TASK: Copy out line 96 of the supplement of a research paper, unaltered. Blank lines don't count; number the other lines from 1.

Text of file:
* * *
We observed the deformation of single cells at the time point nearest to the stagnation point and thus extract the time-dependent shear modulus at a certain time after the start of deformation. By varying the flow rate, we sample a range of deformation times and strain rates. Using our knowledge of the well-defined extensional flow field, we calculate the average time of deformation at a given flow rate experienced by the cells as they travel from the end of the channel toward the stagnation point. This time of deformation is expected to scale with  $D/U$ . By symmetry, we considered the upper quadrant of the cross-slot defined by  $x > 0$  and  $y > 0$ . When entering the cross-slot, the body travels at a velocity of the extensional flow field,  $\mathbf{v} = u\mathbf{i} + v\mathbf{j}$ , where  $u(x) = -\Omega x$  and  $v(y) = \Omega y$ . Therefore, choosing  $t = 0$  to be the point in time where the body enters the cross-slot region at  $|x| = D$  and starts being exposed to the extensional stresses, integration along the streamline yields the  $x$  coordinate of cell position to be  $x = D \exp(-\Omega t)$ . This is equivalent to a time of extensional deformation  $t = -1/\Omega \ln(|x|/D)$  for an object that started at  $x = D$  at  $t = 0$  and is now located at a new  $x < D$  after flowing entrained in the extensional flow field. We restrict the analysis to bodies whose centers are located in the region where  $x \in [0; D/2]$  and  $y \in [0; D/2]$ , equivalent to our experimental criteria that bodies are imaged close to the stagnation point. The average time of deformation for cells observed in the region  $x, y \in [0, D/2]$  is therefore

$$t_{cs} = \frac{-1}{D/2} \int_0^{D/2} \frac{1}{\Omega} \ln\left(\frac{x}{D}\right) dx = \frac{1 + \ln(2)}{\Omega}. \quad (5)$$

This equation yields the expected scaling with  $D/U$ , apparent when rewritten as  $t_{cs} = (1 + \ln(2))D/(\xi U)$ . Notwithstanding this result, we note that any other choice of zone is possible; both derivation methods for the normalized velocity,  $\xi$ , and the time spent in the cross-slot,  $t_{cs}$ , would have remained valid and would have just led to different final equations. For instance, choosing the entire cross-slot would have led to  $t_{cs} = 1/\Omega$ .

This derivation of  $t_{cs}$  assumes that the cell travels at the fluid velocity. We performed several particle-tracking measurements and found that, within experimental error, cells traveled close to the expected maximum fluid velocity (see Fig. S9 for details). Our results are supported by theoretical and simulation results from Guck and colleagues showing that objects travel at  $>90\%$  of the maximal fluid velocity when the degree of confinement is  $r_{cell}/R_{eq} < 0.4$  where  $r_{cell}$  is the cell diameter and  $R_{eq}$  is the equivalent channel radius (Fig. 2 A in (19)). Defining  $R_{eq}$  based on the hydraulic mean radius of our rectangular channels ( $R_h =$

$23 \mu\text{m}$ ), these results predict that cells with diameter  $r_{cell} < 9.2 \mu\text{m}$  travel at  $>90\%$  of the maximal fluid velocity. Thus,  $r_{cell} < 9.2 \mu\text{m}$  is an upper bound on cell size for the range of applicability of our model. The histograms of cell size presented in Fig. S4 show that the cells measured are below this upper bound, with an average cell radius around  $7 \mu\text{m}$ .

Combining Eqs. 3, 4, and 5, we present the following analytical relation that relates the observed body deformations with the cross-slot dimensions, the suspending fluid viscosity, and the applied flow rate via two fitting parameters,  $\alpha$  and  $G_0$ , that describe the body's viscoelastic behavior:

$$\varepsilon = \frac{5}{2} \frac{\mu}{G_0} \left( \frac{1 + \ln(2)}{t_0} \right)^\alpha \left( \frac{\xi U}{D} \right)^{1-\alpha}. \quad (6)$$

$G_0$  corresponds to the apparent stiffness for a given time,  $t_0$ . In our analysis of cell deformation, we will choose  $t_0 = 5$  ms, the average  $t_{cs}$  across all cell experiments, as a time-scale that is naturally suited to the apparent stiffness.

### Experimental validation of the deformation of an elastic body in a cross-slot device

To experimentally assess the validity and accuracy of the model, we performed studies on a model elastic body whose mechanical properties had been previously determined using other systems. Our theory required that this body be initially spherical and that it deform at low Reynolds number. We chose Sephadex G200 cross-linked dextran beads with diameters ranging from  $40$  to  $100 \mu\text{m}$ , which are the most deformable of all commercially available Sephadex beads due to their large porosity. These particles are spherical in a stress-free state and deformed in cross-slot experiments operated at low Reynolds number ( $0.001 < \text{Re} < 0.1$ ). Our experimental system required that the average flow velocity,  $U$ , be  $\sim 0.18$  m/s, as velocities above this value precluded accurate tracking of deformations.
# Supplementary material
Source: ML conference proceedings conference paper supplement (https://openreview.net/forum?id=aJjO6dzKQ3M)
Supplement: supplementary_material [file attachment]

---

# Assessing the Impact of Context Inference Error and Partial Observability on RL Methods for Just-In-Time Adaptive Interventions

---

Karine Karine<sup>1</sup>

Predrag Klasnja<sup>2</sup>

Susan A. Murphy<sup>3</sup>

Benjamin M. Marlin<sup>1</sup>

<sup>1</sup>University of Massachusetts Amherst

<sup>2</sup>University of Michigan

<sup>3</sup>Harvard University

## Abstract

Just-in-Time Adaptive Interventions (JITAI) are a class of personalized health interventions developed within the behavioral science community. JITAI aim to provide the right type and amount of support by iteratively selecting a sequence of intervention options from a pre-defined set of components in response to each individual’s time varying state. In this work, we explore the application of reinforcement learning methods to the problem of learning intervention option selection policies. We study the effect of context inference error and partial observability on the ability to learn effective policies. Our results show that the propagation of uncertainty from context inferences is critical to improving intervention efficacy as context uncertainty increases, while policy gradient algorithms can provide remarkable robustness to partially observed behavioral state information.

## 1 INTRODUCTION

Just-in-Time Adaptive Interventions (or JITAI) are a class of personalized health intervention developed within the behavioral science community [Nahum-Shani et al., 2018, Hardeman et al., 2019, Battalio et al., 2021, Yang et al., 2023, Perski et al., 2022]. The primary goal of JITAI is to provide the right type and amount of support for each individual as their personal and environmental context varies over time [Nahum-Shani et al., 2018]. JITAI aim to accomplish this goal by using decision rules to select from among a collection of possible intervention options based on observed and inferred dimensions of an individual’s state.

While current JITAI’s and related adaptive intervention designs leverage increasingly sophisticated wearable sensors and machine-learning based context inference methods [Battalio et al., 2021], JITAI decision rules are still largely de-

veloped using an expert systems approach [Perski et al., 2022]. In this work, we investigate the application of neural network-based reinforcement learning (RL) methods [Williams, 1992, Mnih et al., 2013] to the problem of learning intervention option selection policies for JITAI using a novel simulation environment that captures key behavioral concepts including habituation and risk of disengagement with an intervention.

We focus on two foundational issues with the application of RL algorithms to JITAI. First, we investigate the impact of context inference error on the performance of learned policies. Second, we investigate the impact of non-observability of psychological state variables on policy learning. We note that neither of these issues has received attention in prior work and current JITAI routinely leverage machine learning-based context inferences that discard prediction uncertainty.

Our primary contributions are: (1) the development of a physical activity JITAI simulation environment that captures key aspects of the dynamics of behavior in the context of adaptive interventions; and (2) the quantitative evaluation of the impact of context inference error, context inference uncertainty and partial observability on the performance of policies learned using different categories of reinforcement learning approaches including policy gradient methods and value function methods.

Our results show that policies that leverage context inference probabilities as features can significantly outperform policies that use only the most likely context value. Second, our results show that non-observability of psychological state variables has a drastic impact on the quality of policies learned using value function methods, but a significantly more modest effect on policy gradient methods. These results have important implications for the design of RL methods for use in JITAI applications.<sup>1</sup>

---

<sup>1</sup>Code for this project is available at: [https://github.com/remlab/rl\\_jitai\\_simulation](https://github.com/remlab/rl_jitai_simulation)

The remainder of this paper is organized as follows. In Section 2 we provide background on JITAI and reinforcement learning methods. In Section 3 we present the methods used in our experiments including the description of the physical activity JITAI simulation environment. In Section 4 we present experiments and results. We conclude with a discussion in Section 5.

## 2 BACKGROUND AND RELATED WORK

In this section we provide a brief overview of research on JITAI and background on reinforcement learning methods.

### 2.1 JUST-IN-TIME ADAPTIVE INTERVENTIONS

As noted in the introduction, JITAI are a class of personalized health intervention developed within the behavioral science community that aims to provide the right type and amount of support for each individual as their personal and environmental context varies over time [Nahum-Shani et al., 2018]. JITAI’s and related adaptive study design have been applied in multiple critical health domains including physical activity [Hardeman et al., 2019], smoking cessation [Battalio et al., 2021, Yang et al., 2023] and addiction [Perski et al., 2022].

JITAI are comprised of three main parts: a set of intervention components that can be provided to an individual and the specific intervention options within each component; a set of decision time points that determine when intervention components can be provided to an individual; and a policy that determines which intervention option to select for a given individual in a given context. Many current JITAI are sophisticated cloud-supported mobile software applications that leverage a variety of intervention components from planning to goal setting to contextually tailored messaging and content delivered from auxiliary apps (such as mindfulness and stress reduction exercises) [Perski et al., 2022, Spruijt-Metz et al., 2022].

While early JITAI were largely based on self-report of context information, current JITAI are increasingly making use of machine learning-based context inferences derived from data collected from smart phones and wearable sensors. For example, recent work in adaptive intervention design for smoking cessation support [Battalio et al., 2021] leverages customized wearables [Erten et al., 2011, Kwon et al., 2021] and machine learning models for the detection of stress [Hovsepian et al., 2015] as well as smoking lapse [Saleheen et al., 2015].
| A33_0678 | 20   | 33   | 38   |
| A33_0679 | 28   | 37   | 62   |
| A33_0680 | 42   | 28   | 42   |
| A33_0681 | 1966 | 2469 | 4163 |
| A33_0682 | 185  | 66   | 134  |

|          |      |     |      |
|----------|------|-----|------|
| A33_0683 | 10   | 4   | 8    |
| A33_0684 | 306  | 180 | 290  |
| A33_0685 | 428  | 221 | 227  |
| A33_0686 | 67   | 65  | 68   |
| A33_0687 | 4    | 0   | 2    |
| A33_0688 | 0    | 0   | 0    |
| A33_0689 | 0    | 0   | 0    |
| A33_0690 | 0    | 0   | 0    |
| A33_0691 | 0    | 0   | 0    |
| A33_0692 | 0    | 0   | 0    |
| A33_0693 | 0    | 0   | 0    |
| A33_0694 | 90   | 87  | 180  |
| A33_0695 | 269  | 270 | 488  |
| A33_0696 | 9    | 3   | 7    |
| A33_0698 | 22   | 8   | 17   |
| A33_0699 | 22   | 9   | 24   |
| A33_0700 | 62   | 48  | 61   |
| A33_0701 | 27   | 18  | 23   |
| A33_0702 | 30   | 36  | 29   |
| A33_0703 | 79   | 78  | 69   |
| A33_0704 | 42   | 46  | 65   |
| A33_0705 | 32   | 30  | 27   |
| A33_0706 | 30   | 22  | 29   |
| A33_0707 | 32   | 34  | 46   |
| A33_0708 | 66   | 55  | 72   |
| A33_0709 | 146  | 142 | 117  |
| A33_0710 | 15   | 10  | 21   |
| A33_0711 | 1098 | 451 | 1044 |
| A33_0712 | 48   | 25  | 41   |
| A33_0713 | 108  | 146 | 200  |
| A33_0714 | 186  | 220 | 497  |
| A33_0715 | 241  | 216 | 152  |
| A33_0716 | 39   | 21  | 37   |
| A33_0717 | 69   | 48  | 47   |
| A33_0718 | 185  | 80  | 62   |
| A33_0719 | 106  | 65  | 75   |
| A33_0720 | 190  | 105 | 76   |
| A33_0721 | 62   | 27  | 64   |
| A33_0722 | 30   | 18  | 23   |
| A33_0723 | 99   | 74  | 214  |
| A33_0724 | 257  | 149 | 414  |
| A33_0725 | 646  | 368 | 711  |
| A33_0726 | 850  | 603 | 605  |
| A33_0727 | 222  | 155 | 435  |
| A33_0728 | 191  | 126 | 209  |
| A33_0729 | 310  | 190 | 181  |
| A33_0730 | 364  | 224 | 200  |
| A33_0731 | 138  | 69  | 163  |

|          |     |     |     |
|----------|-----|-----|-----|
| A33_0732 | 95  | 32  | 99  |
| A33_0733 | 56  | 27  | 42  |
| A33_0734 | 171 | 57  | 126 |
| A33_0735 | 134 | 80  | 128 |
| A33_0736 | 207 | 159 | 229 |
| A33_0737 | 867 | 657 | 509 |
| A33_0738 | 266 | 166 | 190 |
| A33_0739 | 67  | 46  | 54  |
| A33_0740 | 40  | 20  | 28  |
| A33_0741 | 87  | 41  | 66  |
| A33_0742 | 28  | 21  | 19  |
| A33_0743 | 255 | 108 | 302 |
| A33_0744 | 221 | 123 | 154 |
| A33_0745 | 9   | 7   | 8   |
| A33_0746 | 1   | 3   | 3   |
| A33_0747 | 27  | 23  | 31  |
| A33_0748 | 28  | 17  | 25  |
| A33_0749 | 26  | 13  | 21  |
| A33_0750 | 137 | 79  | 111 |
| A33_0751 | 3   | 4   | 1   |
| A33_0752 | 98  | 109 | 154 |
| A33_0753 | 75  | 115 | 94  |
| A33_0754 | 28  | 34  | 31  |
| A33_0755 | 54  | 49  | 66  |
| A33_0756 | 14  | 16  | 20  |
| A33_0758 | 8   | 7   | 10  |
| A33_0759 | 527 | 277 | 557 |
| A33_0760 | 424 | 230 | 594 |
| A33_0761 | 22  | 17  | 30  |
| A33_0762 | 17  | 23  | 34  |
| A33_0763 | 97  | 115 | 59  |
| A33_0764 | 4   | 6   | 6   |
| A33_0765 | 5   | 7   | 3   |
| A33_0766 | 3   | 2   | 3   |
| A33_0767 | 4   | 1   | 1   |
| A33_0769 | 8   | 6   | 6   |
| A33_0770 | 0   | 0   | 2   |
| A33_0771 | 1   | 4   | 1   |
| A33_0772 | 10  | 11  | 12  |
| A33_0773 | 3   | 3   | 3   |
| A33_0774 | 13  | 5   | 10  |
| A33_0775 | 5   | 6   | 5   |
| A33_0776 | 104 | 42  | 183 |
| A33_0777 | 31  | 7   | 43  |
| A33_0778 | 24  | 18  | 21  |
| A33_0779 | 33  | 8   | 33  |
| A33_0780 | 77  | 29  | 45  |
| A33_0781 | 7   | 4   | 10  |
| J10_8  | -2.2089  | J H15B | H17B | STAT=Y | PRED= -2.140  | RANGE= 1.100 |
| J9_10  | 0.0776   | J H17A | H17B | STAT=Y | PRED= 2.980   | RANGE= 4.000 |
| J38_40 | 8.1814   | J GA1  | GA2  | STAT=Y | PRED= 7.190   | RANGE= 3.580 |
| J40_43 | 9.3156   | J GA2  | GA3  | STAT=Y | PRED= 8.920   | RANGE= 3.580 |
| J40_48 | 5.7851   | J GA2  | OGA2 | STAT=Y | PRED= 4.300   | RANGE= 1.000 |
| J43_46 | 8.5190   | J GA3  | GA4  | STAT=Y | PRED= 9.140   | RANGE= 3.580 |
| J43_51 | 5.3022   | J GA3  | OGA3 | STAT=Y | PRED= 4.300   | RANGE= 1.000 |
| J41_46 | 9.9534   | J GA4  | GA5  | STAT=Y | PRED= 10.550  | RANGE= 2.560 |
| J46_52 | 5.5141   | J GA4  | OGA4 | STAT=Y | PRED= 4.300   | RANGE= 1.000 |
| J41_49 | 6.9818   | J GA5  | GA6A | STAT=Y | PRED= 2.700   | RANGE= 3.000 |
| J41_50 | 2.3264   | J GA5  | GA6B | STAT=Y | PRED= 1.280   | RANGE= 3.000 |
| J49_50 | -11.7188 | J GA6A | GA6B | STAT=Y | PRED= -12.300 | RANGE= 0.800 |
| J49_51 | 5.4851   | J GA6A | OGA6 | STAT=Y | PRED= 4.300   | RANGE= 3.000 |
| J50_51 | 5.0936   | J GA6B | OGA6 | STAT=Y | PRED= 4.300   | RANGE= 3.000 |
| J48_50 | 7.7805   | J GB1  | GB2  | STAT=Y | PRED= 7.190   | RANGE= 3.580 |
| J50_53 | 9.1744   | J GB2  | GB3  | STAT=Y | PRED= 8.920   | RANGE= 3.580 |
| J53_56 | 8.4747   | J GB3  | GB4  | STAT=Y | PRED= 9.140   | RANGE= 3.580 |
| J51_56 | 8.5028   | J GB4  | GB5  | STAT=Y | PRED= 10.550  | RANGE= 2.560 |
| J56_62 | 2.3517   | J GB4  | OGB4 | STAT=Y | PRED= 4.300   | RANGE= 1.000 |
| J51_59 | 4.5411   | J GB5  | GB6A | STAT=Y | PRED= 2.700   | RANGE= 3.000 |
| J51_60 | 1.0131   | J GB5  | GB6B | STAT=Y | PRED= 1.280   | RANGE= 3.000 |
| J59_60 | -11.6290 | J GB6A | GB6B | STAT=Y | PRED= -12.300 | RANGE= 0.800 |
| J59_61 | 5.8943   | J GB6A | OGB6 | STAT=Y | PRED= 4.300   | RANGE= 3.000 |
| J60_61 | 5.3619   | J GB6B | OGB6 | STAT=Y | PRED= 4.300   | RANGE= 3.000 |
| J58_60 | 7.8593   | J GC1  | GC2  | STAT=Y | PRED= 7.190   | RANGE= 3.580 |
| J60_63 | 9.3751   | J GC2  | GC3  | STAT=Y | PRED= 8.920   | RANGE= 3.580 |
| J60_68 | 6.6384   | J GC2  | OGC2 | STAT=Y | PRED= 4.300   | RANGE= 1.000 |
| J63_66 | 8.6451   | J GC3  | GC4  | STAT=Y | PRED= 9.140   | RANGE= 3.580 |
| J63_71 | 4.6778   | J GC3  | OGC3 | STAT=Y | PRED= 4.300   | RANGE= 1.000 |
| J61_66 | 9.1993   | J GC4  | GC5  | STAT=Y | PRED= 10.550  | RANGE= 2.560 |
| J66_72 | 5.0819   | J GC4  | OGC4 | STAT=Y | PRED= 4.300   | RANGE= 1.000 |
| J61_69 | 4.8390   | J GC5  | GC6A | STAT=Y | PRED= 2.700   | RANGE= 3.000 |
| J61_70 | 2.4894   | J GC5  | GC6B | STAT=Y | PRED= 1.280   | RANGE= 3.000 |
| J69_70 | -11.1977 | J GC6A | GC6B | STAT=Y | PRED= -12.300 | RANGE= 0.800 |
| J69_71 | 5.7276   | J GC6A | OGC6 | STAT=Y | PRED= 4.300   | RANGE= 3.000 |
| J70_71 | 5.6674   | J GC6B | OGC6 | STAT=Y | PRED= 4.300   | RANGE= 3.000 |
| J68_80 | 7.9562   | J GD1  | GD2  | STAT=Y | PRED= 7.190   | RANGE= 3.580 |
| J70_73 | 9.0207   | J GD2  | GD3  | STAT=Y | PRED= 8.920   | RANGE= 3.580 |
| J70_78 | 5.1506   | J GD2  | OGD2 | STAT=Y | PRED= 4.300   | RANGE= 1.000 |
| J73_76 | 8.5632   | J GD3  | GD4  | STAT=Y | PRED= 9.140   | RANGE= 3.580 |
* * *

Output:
| A33_0731 | 138  | 69  | 163  |